So what did I learn from my first match of rugby league? Apart from rules, my most important observation is that the old adage that league is a “hooligan’s game played by gentlemen” is whatcha might call crap. What the old squareheads should say is that rugby players have a very clear code of conduct founded on mutual trust and unquestioning toughness. A player gets tackled and can expect a quick elbow press to the forehead or throat. He gets up, flicks the ball off and keeps on pushing.
A similar relationship exists between the players and the umpires: at one point in the first half, New South Wales’ Hodkinson barked an insinuation at the referee that he was allowing the parochial Queensland fan to affect his performance, which provoked the succinct reply, “Come in with a question, do not come in with that.” None of the over-enunciated AFL dialogue or complaining or warnings. Rugby league is a hooligan’s game. And for a hooligan’s game to work, the hooligans must be honest.

 

About Callum O'Connor

Here's to feelin' good all the time.

Comments

  1. Peter Fuller says:

    Callum,
    My recollection is that the reference to the games and their cultures was a three parter, steeped in class consciousness and if I remember correctly originating in the north of England – the only part of the UK where League is played.
    Soccer (or football as they would say) is a game for gentleman played by thugs (the working class game for players and spectators at least prior to the arrival of the English Premier League);
    Rugby (Union) is a game for thugs played by gentleman – a reference to its physicality, but also its upper class player base and supporters.
    Rugby League is a game for thugs played by thugs (pronounced thoogs).

    League originated as a breakaway from amateur Union (certainly in Australia, but I suspect also in England) over the issue of professionalism. Workingmen could not afford to play for nothing when an injury would mean unpaid absence from work.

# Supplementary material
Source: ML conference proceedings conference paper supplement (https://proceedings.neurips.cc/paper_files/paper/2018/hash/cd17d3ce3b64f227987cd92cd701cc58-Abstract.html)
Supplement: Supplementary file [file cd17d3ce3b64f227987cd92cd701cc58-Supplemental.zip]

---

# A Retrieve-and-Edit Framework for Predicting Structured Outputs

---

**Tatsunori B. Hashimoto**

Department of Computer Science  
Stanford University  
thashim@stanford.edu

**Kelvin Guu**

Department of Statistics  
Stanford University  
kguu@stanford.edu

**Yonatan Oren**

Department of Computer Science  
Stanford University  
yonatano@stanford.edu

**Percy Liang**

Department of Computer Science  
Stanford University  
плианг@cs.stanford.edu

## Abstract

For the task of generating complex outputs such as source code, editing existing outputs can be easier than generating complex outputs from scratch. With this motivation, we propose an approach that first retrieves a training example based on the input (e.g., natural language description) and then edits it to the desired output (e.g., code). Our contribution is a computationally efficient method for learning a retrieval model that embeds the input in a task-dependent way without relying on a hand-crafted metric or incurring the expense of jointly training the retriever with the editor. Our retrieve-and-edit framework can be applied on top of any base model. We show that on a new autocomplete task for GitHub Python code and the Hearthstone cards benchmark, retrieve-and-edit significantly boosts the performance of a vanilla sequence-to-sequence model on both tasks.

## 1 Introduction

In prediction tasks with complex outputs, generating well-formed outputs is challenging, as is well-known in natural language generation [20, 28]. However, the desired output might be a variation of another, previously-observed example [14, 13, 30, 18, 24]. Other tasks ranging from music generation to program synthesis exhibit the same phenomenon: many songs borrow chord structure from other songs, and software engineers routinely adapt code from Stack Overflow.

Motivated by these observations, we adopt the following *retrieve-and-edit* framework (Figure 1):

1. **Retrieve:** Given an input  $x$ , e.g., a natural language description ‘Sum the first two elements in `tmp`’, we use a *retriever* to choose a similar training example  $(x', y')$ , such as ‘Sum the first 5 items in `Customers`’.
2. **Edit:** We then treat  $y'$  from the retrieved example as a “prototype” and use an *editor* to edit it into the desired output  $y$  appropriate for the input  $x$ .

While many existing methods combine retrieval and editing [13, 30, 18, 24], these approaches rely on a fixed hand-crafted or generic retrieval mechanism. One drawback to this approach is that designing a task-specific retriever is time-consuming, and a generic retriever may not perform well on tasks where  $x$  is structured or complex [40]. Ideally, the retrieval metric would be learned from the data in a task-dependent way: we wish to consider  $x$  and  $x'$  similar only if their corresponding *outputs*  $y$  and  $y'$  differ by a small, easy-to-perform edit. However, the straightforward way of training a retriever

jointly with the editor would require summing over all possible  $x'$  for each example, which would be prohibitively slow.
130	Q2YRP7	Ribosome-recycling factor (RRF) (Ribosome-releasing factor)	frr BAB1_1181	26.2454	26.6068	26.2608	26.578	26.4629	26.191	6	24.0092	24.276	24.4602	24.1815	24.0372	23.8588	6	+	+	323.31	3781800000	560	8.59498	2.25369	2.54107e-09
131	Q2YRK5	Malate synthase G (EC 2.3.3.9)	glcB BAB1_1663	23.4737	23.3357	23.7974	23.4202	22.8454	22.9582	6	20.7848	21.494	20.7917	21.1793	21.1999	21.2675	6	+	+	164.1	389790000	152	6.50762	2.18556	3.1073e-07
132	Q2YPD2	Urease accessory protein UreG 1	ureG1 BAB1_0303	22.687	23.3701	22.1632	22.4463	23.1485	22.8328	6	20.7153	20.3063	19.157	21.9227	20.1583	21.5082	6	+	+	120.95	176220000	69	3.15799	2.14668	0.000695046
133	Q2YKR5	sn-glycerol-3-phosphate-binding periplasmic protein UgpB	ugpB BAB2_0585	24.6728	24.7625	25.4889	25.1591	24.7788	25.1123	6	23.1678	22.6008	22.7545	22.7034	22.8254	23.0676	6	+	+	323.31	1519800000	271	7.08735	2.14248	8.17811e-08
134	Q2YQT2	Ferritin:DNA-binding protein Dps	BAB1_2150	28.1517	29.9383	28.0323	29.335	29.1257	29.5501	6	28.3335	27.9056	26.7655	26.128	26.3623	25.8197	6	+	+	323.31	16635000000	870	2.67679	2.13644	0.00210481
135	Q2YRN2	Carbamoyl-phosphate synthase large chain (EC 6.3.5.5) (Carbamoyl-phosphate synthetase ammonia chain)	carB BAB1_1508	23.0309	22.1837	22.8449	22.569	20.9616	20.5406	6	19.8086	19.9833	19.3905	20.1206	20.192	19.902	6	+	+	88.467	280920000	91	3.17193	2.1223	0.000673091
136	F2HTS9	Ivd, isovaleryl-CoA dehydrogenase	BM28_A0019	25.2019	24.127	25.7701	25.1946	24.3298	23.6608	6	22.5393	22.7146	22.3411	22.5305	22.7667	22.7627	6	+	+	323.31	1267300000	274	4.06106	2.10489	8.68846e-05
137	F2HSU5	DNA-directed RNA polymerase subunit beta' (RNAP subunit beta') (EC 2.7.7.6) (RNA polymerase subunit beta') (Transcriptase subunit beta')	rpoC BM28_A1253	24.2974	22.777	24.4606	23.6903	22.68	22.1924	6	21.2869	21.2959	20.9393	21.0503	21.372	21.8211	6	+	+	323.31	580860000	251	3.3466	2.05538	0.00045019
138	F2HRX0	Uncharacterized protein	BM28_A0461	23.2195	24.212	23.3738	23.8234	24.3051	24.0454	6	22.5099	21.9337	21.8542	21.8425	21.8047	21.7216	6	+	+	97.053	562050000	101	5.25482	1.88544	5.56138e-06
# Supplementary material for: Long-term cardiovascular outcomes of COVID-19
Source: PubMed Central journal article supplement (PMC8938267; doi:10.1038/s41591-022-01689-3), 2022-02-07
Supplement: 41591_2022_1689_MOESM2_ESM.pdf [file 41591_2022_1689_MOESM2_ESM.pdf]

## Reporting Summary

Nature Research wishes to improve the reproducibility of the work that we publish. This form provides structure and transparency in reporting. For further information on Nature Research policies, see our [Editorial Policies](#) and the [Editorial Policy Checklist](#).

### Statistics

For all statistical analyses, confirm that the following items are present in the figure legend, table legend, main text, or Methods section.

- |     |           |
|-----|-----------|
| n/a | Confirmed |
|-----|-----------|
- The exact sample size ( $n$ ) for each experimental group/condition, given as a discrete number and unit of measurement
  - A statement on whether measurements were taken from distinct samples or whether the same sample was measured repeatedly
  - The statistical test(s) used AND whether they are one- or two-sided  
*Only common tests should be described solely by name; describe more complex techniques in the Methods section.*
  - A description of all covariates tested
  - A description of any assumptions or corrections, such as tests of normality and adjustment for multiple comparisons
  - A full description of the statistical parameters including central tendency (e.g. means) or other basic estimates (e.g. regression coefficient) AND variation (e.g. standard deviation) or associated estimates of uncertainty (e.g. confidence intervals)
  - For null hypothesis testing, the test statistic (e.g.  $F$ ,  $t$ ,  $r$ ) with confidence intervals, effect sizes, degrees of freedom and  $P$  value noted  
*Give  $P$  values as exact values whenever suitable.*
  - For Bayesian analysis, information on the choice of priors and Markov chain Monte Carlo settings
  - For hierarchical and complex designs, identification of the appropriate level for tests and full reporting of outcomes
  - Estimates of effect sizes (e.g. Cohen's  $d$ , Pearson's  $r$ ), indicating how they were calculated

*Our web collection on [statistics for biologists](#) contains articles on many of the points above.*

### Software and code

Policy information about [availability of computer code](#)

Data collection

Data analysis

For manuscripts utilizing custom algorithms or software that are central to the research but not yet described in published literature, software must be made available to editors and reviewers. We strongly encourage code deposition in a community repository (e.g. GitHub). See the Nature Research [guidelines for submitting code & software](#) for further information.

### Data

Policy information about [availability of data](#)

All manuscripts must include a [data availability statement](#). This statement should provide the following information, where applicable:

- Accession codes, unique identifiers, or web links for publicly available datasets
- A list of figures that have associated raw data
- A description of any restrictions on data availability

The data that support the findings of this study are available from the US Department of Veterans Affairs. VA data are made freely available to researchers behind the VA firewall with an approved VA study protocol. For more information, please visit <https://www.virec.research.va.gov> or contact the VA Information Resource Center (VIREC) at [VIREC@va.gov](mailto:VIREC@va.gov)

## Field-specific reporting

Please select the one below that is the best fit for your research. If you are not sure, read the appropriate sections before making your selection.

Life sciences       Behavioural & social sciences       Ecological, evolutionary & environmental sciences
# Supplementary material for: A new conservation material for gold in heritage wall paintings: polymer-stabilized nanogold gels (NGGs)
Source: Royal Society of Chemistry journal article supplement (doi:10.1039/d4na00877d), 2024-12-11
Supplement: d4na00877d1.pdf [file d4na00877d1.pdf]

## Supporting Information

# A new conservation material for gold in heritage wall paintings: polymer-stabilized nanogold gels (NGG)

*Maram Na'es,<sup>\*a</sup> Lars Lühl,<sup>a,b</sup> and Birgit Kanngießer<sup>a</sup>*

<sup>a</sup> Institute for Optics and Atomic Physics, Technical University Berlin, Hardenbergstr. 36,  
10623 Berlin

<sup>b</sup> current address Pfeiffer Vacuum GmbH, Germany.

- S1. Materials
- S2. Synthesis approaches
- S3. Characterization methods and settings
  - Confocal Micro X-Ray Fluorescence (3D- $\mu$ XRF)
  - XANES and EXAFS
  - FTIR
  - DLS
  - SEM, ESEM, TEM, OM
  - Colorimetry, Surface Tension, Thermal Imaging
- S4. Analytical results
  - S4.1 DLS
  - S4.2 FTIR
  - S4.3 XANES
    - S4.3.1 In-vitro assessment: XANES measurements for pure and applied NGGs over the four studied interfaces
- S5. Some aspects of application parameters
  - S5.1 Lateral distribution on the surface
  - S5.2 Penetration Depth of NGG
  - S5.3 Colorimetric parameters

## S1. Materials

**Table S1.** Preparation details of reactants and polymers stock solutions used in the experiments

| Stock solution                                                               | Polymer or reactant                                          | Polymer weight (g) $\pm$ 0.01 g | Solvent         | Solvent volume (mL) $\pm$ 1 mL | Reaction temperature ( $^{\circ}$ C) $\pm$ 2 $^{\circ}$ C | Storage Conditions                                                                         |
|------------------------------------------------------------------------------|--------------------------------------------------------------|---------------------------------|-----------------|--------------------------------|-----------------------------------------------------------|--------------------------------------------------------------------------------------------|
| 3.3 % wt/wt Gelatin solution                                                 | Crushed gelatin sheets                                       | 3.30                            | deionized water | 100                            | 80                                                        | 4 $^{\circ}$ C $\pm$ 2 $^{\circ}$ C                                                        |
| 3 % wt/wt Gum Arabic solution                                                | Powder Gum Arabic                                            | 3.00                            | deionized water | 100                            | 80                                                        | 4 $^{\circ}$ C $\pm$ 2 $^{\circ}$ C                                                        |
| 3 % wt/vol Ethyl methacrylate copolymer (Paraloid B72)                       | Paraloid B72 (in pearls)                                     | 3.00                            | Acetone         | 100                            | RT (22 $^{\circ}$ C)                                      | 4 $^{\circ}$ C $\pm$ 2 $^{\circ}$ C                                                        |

It’s always interesting to get an informed perspective on the process of an outsider’s grappling with understanding an unfamiliar sport. As you demonstrated with your riveting observations of the Lower Plenty Cricket Club’s travails, your writing continues to offer entertainment and information. More power to your pen/keyboard.

  2. Well written Callum. Just a couple of corrections though. Aaron Woods earns the penalty, although Trent Hodkinson did the converting. And it was Michael Ennis who accused the referee of being overawed. Ironically given that the NSWelshmen didn’t fire a shot unless you count the ill-advised illegalities which cost them even more points.

    I always found League a game suited to television as the plays evolve around a smaller area than Aussie Rules. Live, it becomes frustrating as gaps are ignored in order to take another no-pass hit up. And with all due respect, going to games means being exposed to a level of spectatordom that makes Collingwood/Port Adelaide stereotypes seem pleasantly tame. (I’m allowed to pass comment as a born and bred Queenslandered).